Is PII a tax ID number?

Is PII a tax ID number?

Any information that may be used to verify your identity is considered personally identifiable information (PII). Social security numbers, passwords, tax ID numbers, credit or debit card numbers, date of birth, prior-year AGI, and other personal information are all included.

The IRS has designated the social security number (SSN) as a tax identification number (TIN). However, an SSN can be used for other purposes besides filing taxes. For example, an employer may use an employee's SSN to verify eligibility for employment benefits or to match employees' wages with their tax returns. As another example, an individual may use his or her SSN when applying for jobs or other opportunities. The IRS recommends that individuals do not give out their SSNs even if in response to a confidential question on a form. Instead, use a unique identifier such as your birth date or email address.

IRS regulations require that any person who requests a SSN from the IRS verify his or her identity by providing one or more forms of identification. This means that before obtaining an SSN, you must provide your name, current address, and at least one form of identification (e.g., driver's license number, passport number, state-issued ID number).

An individual does not have to provide his or her SSN to file a tax return under the Privacy Act.

Is an employee's name considered PII?

Personally Identifiable Information (PII) is a type of sensitive data that is linked to a specific person, such as an employee, student, or donor. While Social Security numbers are a sort of PII, the legal standards for preserving them are more stricter than those for other types of PII. For example, employers must delete Social Security numbers from their employees' files after six months unless the employee consents to have his or her number kept longer.

Employees' names, phone numbers, addresses, and other information that can be used to identify them directly or indirectly may be considered PII. Employees should never share their passwords with others, even if they work at the same company as they will be held responsible if their passwords are stolen then used by someone else.

The Privacy Act of 1974 states that companies must not disclose any information about individuals to anyone not involved in this process. This includes hiring agents or brokers who help companies find employees.

Individuals have no control over how long after they leave a job a previous employer might sell or give their personal information to marketing companies or other third parties. Thus, employees should always check what kind of information their employers store about them online and whether they need to provide this information to keep their jobs.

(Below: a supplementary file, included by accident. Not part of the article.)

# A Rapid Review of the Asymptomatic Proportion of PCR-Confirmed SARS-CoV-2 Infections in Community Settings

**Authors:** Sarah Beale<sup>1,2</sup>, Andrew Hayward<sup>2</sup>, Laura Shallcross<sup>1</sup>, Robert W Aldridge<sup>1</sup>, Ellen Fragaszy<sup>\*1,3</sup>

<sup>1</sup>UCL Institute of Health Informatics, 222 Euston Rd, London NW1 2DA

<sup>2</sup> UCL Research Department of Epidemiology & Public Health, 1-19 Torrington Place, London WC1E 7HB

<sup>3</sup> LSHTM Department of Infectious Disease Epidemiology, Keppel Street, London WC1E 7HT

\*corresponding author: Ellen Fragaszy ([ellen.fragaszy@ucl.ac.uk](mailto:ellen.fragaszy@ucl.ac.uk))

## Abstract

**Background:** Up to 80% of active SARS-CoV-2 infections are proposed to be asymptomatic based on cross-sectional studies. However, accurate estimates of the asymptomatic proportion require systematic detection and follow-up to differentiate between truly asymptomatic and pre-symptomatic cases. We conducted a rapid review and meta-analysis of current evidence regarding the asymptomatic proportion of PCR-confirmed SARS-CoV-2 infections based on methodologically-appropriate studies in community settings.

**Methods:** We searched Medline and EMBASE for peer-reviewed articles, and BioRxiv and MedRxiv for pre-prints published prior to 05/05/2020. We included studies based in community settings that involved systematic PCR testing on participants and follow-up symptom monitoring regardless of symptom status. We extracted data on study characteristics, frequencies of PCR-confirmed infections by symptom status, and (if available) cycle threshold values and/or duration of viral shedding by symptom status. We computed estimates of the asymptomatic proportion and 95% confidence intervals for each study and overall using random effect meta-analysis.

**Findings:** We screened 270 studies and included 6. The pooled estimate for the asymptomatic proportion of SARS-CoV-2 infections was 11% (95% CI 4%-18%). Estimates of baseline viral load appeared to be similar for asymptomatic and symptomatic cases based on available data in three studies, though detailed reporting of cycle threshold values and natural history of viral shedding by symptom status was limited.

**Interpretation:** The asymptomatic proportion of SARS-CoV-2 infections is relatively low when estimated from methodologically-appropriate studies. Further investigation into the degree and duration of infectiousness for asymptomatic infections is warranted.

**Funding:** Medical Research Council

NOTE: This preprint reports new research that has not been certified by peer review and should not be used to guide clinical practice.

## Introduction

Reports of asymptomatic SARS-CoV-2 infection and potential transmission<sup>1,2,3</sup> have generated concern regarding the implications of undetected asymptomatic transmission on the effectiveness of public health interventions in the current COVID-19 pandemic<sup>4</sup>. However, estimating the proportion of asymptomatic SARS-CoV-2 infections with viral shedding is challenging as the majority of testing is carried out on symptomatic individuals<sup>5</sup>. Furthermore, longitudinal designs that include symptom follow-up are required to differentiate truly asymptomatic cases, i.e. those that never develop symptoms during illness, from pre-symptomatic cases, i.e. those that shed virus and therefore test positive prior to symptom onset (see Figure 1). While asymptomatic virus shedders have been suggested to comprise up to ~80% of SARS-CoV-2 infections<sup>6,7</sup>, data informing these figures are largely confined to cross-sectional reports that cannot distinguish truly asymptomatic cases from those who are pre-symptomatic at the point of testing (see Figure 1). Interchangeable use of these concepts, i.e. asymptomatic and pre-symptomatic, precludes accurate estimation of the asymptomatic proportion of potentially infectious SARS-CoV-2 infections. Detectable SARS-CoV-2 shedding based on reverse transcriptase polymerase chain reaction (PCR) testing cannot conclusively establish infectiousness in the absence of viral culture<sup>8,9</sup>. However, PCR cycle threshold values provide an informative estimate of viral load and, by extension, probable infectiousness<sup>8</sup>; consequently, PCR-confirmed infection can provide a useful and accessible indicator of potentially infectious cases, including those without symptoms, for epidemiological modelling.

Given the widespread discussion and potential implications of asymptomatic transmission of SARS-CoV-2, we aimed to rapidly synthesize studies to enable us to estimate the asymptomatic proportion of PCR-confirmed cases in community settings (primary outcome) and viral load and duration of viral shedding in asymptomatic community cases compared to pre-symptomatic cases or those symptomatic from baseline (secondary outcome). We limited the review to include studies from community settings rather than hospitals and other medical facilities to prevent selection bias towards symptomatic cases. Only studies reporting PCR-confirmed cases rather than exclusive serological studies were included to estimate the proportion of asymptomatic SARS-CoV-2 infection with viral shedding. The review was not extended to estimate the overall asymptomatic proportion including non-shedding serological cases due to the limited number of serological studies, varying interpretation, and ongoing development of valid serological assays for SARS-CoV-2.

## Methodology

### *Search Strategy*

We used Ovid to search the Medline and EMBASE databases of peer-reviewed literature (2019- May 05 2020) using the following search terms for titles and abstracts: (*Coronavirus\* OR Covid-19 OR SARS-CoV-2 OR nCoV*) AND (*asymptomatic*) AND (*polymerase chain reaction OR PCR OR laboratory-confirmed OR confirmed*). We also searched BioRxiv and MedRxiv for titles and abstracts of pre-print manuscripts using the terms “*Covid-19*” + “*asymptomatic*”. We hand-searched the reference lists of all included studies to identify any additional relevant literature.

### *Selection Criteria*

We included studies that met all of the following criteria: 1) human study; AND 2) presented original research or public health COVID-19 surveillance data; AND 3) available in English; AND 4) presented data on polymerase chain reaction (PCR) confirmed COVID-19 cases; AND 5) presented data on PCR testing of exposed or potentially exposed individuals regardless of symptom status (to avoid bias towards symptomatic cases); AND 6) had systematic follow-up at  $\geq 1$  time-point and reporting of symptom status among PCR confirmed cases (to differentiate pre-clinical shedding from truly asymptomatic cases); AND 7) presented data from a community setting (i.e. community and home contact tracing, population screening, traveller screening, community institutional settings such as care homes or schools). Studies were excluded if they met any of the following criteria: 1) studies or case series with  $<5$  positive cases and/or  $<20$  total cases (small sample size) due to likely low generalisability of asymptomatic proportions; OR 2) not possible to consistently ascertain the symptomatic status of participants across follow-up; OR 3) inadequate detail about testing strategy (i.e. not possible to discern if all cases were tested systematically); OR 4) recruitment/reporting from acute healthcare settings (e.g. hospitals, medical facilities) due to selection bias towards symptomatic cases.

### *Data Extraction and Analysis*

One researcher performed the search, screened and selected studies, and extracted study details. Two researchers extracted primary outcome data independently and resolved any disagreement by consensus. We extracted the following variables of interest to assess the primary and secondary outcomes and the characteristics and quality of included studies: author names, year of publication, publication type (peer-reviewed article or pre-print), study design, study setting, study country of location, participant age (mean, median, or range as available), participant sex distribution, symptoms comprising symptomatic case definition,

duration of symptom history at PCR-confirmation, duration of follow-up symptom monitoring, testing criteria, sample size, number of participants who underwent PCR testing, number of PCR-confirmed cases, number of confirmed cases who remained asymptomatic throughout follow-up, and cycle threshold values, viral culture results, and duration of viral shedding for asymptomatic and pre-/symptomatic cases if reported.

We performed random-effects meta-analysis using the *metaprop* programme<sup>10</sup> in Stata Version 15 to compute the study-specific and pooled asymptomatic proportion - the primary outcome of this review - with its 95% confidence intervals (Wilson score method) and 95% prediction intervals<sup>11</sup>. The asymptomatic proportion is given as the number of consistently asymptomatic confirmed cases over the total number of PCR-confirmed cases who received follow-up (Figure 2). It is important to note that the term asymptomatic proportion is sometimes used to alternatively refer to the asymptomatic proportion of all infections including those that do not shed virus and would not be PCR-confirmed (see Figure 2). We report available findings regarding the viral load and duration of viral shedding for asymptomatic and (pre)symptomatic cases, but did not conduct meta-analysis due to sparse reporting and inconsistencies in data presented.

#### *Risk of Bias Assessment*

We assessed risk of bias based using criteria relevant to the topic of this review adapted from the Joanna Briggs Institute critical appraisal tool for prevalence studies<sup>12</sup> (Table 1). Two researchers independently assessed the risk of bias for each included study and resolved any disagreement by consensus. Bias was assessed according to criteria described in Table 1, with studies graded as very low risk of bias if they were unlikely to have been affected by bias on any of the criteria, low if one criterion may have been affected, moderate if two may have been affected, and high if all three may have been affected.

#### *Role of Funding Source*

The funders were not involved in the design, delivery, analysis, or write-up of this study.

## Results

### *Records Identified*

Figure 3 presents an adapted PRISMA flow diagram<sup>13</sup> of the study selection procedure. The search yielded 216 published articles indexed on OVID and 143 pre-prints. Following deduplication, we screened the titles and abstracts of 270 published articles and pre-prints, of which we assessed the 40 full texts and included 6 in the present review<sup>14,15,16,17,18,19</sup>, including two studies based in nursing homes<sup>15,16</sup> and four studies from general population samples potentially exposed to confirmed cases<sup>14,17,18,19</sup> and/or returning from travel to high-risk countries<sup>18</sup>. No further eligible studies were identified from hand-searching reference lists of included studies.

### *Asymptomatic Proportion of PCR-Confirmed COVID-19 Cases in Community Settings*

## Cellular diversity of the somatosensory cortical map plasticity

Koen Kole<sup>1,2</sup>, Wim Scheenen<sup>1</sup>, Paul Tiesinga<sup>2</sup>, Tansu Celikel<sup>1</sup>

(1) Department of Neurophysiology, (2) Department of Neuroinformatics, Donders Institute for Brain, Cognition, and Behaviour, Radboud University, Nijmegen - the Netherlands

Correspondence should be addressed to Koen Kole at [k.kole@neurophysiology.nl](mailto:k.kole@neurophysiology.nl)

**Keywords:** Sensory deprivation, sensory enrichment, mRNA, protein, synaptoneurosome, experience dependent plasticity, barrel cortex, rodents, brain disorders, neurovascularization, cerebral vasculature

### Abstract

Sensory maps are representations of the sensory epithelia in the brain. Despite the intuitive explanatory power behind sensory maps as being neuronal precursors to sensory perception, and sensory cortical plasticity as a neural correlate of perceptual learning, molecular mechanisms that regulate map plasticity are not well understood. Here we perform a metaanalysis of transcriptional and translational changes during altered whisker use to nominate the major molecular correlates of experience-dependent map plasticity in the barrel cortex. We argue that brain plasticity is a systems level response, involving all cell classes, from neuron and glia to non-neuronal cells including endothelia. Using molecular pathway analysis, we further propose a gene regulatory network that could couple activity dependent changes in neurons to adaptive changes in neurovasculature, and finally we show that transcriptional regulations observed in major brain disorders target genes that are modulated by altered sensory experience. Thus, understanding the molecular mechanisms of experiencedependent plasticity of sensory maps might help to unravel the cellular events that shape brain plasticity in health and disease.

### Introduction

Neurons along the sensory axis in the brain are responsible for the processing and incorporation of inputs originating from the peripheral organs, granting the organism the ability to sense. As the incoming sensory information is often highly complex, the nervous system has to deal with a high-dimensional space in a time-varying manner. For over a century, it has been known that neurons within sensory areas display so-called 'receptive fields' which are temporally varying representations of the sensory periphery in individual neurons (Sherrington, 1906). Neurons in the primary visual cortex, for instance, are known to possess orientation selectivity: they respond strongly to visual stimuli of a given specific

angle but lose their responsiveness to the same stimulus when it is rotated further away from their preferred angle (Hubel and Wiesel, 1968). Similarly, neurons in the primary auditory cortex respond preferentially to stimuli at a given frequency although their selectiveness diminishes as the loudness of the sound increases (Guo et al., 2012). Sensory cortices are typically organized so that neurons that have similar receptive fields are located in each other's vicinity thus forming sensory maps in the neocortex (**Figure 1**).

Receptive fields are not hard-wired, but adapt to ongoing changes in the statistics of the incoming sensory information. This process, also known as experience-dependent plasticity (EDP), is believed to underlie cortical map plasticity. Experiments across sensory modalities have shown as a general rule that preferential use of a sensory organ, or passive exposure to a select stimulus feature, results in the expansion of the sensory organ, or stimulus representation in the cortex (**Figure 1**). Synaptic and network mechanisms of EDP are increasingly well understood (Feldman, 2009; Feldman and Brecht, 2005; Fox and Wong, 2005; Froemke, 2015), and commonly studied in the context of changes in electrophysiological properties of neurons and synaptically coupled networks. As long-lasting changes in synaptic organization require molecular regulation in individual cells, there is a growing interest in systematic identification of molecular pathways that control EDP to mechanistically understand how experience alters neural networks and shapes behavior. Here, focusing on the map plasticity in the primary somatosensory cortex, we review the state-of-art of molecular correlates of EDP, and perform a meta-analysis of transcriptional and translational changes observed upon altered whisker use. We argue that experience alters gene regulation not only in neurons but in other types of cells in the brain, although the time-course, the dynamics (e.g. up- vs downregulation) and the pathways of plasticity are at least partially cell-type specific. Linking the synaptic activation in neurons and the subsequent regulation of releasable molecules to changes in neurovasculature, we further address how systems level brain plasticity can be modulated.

Why is PII valuable?

PII, or personally identifiable information, refers to any sort of data that can be linked to a specific person. Location data, contact information, or identifying information such as a name or social security number can all be included. It is critical to keep PII confidential in order to maintain the integrity of your identity. The more information that is known about you, the easier it will be for someone to commit fraud or other crimes using your identity.

The value of PII depends on how it is used but generally speaking, it can be divided into three categories: personal, professional and financial.

Personal Value - This includes data such as names, addresses, dates of birth, Social Security numbers, etc. This type of information can be used to commit fraud or theft, which is why it is important to keep it secure. Someone who gains access to your personal information could use it to create fraudulent accounts in your name, take out loans in your name, file false tax returns, and even make purchases with your credit card number.

Professional Value - For example, if you are a lawyer then you would want to ensure that only people who need to contact you find this information. This makes sure that no one else can get involved in cases that you are responsible for. As well, being able to identify your clients can help you provide better representation and avoid conflicts of interest.

About Article Author

Oliver Hafner

Oliver Hafner is a security expert who has worked in the industry for over 15 years. He has been Chief Executive Officer of Security Incorporated since July, 2010. Oliver’s areas of expertise include cyber-security and network infrastructure, compliance with regulatory requirements, business intelligence, data analytics and enterprise reporting. His company offers 24/7 monitoring for vulnerabilities in both physical assets and information systems.

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